Law-enforcement agencies reported more than 6,100 hate crimes in 2016, about a 5 percent increase from the previous year. Jews and Muslims were most likely to be targeted, and more than half of all reports were motivated by either race or ethnicity.

Missouri reported 88 hate crimes last year, down from 100 in 2015. Illinois reported 111 hate crimes in 2016, up from 90 the previous year. Some observers say many hate crimes likely go unreported by authorities and victims.

Documenting Hate logo
Provided / ProPublica

St. Louis Public Radio is partnering with ProPublica and other newsrooms across the country to track hate crimes and bias-motivated incidents throughout the region — and we need your help.

Have you been the victim of a hate crime or harassment based on your race, ethnicity, gender, religion, disability or sexual orientation? Or, have you been a witness?

Karen Aroesty is the regional director of the Anti-Defamation League.
File photo | Carolina Hidalgo | St. Louis Public Radio

In the weeks after the presidential election, the Southern Poverty Law Center collected reports of more than 1,000 hate-related incidents from across the United States. Fifteen of those incidents happened in Missouri. In the St. Louis region, local reports detailed verbal taunts and harassment based on the victim’s perceived race or religion. Many people might conflate hate incidents with hate crimes, but most reports following Nov.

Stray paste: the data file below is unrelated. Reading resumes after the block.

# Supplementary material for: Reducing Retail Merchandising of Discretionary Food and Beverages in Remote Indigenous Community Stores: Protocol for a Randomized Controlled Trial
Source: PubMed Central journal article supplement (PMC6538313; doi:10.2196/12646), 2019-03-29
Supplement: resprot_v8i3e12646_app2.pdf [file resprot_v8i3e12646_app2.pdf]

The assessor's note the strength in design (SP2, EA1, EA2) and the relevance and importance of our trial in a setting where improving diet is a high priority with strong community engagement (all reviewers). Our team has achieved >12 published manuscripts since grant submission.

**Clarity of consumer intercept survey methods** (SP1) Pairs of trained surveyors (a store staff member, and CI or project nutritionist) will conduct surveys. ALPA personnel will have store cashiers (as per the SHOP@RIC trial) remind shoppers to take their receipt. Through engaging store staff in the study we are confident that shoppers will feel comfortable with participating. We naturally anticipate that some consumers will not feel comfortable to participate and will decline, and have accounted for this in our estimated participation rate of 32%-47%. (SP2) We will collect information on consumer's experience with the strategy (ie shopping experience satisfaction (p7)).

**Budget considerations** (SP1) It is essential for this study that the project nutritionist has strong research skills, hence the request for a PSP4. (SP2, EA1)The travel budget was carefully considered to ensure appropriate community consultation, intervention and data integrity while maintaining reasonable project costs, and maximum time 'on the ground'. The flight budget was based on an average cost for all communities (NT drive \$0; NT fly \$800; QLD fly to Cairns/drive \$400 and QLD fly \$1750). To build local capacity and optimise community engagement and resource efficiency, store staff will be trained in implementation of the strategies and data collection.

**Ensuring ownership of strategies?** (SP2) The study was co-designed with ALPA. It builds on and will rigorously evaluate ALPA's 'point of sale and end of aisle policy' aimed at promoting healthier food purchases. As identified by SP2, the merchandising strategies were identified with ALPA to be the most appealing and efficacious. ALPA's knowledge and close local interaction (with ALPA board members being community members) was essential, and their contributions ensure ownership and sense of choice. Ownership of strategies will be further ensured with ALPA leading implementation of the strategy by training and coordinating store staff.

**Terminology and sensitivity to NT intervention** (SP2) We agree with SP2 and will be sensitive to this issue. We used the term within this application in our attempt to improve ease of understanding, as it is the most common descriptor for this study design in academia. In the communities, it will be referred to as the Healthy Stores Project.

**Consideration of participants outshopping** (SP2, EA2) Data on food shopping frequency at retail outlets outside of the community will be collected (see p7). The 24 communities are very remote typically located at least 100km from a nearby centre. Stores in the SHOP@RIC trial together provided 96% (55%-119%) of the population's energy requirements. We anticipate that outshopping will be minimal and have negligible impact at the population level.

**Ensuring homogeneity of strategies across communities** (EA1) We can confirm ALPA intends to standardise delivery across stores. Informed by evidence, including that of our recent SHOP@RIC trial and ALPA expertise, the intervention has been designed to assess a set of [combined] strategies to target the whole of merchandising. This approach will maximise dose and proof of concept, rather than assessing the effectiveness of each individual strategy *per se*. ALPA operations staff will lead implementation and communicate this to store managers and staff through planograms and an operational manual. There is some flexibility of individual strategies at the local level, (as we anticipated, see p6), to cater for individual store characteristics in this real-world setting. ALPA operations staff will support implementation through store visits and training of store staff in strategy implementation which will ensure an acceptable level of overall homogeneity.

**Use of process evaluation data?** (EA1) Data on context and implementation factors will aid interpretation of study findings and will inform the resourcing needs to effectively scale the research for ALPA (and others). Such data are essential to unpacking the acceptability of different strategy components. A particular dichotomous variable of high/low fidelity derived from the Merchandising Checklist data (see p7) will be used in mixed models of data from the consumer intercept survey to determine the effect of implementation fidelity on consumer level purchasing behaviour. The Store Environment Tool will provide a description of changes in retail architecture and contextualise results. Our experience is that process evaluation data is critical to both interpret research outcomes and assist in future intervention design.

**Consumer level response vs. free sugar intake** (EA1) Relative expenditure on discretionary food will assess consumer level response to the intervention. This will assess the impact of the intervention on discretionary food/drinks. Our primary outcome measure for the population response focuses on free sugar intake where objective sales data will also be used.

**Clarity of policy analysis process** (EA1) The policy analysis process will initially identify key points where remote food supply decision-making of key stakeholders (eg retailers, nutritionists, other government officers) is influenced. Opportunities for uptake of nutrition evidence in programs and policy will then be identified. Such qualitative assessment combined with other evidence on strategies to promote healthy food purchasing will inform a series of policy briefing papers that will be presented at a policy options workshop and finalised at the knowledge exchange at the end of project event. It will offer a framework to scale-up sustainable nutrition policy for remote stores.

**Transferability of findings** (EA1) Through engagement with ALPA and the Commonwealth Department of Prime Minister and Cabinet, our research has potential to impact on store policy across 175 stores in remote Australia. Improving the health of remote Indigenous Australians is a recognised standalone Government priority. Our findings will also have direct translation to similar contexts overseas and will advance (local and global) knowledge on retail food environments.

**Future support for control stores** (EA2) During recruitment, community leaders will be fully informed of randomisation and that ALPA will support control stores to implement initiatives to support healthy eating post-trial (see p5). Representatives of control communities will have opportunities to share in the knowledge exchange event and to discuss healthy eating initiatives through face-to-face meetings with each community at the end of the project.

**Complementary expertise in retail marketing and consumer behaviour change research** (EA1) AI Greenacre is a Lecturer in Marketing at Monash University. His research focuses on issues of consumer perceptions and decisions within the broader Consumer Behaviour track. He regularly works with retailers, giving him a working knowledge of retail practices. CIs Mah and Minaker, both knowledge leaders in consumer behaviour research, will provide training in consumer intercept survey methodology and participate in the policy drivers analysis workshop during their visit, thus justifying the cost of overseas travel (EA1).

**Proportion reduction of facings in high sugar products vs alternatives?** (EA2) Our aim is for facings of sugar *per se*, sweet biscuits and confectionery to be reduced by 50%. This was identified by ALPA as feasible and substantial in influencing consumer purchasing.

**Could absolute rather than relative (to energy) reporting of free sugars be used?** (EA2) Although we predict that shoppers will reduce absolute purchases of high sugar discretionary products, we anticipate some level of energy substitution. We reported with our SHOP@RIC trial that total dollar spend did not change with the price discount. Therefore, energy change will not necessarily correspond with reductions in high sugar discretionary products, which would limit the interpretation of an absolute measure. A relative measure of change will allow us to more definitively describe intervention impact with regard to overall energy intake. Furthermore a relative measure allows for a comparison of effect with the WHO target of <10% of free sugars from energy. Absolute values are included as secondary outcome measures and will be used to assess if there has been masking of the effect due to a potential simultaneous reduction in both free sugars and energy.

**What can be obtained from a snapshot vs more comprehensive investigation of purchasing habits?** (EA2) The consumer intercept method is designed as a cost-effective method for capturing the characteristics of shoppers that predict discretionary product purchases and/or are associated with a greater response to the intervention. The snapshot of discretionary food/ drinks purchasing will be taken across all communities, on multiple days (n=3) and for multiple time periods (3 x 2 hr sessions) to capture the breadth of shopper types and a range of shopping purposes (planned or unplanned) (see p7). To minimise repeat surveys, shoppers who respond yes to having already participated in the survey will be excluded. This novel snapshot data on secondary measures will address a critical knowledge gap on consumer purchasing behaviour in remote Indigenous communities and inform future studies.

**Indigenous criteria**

Protesters are greeted by lines of state and county police during a demonstration march on the Ferguson police station on August 11, 2014.
Bill Greenblatt | UPI

The St. Louis office of the FBI says it is investigating two assaults that occurred last month as potential hate crimes. In both cases, assailants mentioned Ferguson during the attack.

The FBI is investigating possible hate crimes in St. Louis after a woman was assaulted last week by three teens near Bevo Mill allegedly because she is Bosnian.

Courtesy Not In Our Town

Documentary filmmaker Patrice O’Neill has been working to prevent hate crimes for almost 20 years. The tools of her trade: films and community outreach. When her nonprofit The Working Group produced “Not in Our Town” for PBS in 1995, the response sparked a movement that continues to expand today.

This article first appeared in the St. Louis Beacon, March 25, 2012 - President Obama and the Justice Department may have trouble finding legal authority to prosecute George Zimmerman even if the facts indicate that the killing of Trayvon Martin was unjustified, legal experts say.

This article first appeared in the St. Louis Beacon, July 29, 2011 - Dr. Ghazala Hayat recalls well the climate after the terrorist attacks nearly a decade ago.

"I would say for sure, all over the country since 9/11, it's gotten worse," said Hayat, who chairs the public relations committee of the Islamic Foundation of St. Louis. "There's no question."

Strategy is the key to prosecuting hate crimes

Jun 3, 2010